Fort Pate

An essential part of the Vauban Bolt, Fort Pâté proudly stands on an eponymous island in the middle of the estuary. Its origins date back to the Fronde, when Claude de Saint-Simon, Governor of Blaye, suggested blocking naval traffic on the Gironde in a line even with the city. Vauban officially proposed his project in 1685 after just one visit. This was accepted, and François Ferry executed Vauban’s plans. "The Island of Blaye", just forming at the time, was first mentioned circa 1650 by Clerville. However, every strong tide covered it, which forced Ferry to surround it with a dyke in 1690. The oval-shaped fort provided a 360° vantage point. Defence of the estuary was ensured by two artillery batteries, one on the island's highest point and the second deployed around the fort and protected by a narrow glacis. The building is unusual in that it has a foundation consisting of a vast pinewood "grid" set on piles.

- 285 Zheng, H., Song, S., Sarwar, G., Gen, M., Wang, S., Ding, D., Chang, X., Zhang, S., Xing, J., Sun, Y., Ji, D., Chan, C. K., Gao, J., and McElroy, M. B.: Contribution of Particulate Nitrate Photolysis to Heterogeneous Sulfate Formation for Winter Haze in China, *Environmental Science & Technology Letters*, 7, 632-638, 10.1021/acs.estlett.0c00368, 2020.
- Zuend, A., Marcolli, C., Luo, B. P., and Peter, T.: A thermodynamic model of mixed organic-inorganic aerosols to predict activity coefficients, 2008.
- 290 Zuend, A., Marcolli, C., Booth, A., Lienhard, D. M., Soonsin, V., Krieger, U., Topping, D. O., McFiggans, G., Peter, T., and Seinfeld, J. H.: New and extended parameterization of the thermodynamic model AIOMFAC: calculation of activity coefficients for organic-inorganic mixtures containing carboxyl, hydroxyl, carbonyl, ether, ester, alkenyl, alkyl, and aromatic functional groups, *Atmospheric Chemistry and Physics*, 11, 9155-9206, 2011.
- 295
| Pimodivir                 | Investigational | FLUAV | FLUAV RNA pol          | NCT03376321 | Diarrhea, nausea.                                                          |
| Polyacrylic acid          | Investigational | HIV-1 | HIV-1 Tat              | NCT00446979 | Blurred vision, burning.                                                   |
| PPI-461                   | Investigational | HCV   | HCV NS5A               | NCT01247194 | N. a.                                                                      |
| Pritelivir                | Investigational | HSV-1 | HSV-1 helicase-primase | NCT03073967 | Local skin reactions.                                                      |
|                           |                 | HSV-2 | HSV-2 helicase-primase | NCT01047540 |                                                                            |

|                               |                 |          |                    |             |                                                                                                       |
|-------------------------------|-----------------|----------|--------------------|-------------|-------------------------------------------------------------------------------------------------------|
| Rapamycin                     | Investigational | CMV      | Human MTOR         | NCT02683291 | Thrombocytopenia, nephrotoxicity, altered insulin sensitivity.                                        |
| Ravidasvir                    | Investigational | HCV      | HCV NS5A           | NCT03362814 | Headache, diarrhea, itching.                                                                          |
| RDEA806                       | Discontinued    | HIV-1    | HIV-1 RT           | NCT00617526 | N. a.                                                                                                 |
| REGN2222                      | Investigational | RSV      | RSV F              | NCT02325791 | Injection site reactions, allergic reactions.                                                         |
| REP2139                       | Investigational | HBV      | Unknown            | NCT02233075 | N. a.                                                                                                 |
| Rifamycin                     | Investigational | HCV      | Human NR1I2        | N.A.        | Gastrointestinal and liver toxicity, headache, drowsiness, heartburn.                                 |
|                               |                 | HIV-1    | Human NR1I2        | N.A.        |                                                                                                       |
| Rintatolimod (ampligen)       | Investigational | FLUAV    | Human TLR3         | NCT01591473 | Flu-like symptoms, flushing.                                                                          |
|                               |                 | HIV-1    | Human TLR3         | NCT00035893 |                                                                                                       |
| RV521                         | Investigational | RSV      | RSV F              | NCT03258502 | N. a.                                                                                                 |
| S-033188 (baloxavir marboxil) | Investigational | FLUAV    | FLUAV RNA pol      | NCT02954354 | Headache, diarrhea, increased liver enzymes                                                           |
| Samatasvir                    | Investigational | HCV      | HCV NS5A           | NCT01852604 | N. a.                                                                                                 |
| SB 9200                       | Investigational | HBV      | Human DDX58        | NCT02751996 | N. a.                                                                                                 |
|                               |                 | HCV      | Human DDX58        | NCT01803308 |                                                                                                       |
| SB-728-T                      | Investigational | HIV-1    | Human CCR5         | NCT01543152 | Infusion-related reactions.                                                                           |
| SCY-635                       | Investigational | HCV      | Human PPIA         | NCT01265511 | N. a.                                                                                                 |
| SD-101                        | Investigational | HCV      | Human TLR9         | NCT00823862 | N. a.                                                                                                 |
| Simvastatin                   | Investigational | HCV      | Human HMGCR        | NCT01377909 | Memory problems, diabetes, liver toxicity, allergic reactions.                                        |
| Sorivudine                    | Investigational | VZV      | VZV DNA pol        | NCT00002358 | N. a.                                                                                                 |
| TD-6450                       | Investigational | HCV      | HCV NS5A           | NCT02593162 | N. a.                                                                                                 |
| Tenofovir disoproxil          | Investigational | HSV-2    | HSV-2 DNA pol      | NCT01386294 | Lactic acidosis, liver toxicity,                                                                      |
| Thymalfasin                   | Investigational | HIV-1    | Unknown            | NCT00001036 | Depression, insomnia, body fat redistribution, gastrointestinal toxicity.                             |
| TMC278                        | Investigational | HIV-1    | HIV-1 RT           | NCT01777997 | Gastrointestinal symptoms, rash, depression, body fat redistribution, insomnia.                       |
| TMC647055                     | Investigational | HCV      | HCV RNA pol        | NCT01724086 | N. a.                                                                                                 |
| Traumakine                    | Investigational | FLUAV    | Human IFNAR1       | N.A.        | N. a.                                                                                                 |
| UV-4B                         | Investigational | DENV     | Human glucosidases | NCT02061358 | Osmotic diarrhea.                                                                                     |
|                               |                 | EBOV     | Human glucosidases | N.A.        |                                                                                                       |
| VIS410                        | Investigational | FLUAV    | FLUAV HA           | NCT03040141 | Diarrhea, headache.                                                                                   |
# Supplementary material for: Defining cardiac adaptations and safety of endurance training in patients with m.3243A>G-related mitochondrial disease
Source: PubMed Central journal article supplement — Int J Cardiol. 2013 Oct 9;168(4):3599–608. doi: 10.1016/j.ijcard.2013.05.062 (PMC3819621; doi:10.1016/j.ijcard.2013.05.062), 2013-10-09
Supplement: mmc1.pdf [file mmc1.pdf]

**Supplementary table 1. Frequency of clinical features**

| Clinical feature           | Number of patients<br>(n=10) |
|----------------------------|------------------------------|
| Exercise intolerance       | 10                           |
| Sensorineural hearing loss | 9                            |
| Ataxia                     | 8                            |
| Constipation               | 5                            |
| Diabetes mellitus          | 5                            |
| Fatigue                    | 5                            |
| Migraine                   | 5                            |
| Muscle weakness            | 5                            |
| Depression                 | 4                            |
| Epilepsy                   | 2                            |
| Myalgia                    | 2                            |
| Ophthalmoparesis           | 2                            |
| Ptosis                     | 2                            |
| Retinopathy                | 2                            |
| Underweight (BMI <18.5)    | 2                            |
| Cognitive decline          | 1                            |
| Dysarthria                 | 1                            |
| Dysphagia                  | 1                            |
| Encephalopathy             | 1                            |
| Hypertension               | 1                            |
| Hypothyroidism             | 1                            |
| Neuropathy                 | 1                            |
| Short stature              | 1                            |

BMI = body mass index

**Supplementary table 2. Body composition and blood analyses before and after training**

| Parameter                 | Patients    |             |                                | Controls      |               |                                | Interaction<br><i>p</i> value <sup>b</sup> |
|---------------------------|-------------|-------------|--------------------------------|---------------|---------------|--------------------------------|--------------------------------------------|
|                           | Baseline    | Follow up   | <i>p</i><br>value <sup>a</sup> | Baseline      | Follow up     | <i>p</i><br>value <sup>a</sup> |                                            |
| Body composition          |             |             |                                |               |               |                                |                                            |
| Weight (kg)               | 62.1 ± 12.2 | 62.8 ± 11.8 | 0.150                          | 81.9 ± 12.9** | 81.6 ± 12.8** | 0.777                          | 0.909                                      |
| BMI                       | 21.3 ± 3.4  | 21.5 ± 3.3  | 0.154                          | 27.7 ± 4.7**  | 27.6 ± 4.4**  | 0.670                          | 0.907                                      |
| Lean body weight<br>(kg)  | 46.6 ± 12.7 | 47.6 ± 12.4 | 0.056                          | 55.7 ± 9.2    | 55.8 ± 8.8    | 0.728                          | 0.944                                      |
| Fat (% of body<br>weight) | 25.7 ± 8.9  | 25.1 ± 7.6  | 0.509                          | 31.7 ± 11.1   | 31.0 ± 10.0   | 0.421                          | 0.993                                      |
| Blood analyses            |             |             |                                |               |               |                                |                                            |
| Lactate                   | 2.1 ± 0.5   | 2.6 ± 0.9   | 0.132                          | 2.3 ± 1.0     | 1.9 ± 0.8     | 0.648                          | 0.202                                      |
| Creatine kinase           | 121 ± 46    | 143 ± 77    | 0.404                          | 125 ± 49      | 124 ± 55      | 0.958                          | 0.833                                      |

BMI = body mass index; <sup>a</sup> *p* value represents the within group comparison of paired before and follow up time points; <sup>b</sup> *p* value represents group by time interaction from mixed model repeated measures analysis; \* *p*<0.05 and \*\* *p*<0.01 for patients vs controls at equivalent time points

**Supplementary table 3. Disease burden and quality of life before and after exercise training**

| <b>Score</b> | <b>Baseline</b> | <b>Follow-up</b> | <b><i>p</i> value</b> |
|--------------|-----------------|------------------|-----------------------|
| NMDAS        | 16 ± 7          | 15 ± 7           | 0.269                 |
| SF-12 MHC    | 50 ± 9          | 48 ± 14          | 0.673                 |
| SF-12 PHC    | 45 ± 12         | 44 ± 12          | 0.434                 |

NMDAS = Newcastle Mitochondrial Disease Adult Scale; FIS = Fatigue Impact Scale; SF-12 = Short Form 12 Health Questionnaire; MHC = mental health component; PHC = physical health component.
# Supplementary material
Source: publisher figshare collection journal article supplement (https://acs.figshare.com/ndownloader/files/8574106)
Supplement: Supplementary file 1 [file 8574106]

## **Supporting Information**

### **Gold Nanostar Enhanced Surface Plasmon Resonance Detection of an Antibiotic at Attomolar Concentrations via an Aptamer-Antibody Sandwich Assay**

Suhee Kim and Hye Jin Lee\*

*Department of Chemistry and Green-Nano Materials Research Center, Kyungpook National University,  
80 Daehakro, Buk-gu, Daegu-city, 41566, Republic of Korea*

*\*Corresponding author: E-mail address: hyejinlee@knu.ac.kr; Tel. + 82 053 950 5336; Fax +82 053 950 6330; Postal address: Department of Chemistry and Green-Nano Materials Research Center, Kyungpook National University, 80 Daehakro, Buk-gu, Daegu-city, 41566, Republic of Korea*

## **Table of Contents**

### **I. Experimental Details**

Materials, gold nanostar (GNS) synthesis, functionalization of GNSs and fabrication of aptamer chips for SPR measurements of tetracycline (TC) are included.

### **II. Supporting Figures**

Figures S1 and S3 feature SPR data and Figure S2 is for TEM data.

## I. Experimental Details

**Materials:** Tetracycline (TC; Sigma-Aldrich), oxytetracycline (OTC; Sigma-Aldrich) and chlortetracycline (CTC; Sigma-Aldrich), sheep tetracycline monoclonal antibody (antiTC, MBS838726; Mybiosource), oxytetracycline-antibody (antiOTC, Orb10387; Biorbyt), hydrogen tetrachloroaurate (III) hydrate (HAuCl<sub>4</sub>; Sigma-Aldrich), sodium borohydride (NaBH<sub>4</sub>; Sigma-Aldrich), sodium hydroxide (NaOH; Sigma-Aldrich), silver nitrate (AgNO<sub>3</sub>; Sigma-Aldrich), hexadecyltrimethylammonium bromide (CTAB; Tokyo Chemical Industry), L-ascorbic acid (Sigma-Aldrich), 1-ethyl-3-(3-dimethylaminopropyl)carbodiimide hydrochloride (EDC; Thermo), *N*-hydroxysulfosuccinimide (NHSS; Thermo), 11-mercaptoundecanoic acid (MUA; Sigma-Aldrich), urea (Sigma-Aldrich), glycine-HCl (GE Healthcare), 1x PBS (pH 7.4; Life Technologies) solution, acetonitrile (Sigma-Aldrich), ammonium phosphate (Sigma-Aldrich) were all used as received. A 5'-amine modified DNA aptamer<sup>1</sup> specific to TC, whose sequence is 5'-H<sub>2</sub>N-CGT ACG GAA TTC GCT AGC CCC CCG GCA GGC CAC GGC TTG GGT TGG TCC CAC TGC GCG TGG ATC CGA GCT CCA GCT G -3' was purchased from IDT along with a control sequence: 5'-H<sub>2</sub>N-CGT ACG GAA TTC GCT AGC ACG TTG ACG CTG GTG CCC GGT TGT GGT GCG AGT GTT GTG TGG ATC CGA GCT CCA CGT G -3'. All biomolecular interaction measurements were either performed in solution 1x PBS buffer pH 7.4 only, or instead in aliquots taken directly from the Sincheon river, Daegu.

This ingenious system provided balance and support for the huge weight and prevented the building from sinking into the unstable ground.  Work on the small fort's foundation began in 1691. Masonry work started in 1693 and was completed that same year. Circa 1705, the building subsided two metres, but this did not cause any serious damage. However, it did make the 32 gun slits meant to protect the immediate vicinity of the fort inoperative. Seeing as the island had lost nearly half of its surface area, it was reconsolidated between 1726 and 1730. Fort Pâté is presently a private property. 


It is no longer possible to drop anchor at the Île Pâté, or to visit the fort there. However, you can see it up close in a launch, barge, or pleasure craft.